And while we're on the topic of the English dub, this film has one of the more curious cases of a common translation issue, where if you turn on the English subtitles you might see different things being said. Usually it's just one track having a stripped-down version of what the other track is saying (So, something like "Hey, would you like to join us for dinner tonight?" will become "Want to come over?"), but for this film you actually get a different subplot! Per House expert Ted Geoghegan (whose film We Are Still Here was a Fulci love letter, with this film in particular providing much of the influence), the American distributor figured the film could benefit from being a bit more simplistic, so the subplot about Norman's predecessor's suicide was reduced to a few brief mentions, when in reality his character was just as interested in understanding what led to the man's death as he was continuing his work. Blue Underground's blu offers two English subtitle tracks; one that more or less matches the dub, and one that translates the Italian audio - put that one on along with the dub for a truly strange viewing experience during certain scenes (particularly the one with Fulci's cameo as another colleague of Norman's), as they will have completely different conversations that both "work" just fine.
That's just one of the many ways that the Blu-ray delivers, and improves on the 2011 release. It's a new transfer from a 4K restoration, and looks as gorgeous as you'd expect, plus all of those bonus features have been carried over, but they've added a commentary by Fulci historian Troy Howarth, whose tracks are always among the better examples of their kind. He knows that these movies have a few lapses and isn't afraid to point them out, but it's not in a snarky, wannabe-MST3k kind of way - and all you have to do is listen to the next 10-15 seconds to be assured that he genuinely enjoys the film he is viewing. He also doesn't spend too much time reciting the actors' filmographies, instead only highlighting relevant examples to provide context for how it relates to the film at hand. Another new piece is a solid interview with Stephen Thrower, another Fulci historian (he wrote Beyond Terror, a book that sounds quite good but runs for hundreds of dollars on Amazon, so I'll h(ave to put that on the ol' wishlist), and the limited edition comes with the great soundtrack from Walter Rizzati and a booklet by our pal Michael Gingold, so it's worth springing for if you ask me.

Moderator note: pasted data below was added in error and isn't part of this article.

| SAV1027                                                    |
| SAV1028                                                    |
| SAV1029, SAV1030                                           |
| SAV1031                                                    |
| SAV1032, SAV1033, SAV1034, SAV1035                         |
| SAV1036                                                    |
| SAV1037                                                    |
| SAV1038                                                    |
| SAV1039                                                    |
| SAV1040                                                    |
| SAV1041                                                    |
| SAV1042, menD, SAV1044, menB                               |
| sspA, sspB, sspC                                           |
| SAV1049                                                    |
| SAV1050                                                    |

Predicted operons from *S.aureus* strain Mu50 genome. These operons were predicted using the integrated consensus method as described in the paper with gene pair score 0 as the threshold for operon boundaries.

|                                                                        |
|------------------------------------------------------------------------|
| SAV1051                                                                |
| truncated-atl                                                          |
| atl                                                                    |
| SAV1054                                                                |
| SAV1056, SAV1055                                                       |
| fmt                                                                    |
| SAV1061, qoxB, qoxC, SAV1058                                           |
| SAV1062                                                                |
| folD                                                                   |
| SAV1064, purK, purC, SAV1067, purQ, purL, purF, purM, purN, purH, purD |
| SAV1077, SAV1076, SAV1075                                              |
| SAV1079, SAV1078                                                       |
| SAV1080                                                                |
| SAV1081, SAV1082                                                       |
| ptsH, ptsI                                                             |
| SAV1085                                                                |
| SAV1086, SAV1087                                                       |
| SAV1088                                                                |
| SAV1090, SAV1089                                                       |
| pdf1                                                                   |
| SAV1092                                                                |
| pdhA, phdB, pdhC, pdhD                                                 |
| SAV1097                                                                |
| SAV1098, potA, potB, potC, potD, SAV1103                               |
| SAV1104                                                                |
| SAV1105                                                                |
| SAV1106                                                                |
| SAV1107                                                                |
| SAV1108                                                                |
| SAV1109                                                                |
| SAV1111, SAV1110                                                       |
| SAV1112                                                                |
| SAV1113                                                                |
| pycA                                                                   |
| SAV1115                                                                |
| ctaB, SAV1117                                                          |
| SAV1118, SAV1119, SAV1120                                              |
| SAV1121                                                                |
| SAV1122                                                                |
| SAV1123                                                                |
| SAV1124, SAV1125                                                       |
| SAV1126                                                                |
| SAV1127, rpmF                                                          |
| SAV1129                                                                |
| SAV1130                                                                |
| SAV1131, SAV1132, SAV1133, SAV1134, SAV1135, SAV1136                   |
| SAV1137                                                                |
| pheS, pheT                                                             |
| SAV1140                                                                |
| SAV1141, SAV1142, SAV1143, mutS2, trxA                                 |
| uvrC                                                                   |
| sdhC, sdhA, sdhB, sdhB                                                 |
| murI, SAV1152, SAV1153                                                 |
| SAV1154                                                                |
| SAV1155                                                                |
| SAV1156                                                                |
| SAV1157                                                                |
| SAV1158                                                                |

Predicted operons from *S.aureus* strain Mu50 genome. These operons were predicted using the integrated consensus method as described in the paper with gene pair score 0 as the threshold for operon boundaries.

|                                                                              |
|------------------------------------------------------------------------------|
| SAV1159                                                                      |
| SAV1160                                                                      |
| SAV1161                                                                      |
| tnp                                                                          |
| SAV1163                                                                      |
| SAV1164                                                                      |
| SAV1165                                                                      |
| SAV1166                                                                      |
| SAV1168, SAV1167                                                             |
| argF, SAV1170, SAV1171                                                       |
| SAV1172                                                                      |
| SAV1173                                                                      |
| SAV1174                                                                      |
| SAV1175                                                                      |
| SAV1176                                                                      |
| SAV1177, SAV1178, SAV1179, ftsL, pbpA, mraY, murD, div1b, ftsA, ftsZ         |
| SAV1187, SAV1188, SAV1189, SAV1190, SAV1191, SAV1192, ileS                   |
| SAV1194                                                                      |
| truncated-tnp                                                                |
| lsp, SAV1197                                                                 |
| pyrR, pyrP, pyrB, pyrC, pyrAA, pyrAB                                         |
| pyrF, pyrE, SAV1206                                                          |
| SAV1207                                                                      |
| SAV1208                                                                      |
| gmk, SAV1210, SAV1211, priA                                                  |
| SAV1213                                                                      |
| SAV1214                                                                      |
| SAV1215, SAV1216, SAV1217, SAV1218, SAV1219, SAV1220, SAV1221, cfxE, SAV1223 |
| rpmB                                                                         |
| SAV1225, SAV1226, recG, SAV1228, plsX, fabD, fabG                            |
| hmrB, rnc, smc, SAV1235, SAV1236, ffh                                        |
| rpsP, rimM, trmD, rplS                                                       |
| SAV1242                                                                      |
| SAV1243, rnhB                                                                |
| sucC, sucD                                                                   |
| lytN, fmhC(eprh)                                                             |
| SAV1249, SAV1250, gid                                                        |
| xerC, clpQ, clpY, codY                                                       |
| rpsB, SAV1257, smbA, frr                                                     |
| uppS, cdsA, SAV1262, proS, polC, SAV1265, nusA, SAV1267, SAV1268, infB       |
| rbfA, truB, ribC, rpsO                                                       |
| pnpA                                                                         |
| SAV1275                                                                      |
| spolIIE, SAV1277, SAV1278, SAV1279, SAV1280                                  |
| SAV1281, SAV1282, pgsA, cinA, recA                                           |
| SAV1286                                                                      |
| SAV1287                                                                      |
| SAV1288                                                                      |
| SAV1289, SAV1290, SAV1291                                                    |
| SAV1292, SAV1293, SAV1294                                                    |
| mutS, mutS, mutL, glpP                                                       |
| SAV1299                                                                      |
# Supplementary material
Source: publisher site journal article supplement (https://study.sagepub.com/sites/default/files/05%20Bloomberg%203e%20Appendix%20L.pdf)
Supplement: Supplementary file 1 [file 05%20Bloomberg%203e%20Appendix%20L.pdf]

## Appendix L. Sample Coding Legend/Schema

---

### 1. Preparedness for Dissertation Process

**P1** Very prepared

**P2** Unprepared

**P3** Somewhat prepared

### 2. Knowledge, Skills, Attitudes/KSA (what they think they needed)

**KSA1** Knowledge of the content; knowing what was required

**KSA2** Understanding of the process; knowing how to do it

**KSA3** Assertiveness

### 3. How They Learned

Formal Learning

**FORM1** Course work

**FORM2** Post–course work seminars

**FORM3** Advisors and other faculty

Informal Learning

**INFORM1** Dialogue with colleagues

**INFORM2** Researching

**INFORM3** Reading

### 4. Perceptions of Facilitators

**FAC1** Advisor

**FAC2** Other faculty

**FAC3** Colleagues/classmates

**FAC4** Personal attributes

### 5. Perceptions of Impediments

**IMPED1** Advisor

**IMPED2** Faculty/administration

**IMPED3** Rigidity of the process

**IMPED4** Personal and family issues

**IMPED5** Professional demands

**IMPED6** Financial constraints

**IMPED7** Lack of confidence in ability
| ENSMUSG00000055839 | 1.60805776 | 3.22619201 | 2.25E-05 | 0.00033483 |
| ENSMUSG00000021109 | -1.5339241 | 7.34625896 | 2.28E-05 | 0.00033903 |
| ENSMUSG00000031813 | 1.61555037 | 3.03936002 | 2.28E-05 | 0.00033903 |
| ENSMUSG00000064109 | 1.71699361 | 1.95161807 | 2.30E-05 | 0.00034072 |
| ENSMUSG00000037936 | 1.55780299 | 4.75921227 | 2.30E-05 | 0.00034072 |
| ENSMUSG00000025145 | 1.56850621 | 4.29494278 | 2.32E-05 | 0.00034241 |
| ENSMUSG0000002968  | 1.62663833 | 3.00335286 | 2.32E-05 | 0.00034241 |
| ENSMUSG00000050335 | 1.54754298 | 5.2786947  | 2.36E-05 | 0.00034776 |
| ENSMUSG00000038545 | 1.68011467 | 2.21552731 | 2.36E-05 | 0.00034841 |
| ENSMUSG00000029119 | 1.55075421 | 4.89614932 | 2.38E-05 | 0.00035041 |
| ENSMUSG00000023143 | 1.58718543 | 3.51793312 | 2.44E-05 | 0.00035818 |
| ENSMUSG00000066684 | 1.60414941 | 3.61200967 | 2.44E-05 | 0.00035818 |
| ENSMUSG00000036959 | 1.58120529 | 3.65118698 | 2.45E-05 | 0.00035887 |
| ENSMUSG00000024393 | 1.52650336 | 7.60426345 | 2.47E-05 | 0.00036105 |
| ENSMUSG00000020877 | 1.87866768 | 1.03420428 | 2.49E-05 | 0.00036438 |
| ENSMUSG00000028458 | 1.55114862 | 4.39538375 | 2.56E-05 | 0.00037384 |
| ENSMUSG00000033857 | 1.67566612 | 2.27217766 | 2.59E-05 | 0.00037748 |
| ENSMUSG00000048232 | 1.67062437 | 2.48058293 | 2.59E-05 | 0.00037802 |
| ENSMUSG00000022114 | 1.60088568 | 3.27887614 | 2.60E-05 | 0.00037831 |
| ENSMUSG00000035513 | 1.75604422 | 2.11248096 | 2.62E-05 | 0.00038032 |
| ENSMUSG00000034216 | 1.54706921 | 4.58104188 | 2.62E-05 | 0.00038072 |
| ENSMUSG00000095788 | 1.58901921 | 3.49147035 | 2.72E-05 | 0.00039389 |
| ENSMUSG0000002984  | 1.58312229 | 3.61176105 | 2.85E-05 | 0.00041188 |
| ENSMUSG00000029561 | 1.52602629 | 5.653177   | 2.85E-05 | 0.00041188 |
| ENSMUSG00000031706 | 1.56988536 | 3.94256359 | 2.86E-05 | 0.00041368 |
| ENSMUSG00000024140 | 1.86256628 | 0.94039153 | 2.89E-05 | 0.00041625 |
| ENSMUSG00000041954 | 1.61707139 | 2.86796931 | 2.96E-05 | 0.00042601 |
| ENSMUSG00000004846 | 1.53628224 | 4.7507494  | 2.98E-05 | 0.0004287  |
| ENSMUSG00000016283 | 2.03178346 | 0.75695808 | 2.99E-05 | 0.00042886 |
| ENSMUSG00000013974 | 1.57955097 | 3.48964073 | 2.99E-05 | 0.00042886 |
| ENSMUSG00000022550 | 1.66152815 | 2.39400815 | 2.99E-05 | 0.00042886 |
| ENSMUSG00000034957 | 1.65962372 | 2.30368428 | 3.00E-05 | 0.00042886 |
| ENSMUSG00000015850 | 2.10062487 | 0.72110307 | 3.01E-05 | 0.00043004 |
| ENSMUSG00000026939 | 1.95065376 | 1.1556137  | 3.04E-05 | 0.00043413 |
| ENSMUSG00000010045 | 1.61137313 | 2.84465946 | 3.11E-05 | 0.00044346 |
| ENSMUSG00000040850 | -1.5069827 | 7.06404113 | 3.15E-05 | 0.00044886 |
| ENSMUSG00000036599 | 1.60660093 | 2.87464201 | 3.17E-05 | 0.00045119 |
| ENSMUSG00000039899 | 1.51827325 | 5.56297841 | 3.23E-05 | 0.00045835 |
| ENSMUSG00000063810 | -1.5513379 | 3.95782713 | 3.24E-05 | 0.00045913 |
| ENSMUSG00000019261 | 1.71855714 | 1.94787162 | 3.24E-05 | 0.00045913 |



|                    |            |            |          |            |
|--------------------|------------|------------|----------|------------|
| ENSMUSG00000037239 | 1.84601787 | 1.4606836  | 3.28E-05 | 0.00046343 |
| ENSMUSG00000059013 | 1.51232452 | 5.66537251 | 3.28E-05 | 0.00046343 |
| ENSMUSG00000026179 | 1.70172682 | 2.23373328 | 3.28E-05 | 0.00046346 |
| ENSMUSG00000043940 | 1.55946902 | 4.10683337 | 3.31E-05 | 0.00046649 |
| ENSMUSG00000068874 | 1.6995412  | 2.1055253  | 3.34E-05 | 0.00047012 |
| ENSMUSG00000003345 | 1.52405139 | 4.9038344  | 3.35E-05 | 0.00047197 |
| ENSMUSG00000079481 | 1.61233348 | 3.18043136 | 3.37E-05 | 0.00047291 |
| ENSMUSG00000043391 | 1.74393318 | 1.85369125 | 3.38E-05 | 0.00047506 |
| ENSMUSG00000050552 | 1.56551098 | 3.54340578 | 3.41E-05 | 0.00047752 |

I was relatively late to the party with Fulci; apart from Zombie (age 15 or so) I didn't catch any of his films until I was deep into my 20s, and in fact there are some I still haven't seen (including Manhattan Baby, which came out the following year). But this was the one that really made me a fan of the filmmaker, and remains a favorite as I've taken in more of his horror-centric filmography (both earlier stuff like Don't Torture a Duckling, and late-period films that warrant no further discussion). US availability (and cost) make seeing his entire output a challenge I'm not sure I'm up for, but since I find his films so easily rewatchable, it's not the end of the world if I'm forever "stuck" with the handful of ones any seasoned horror fan could name off the top of their head. There's probably a reason they're in that position while the likes of Door to Silence are not.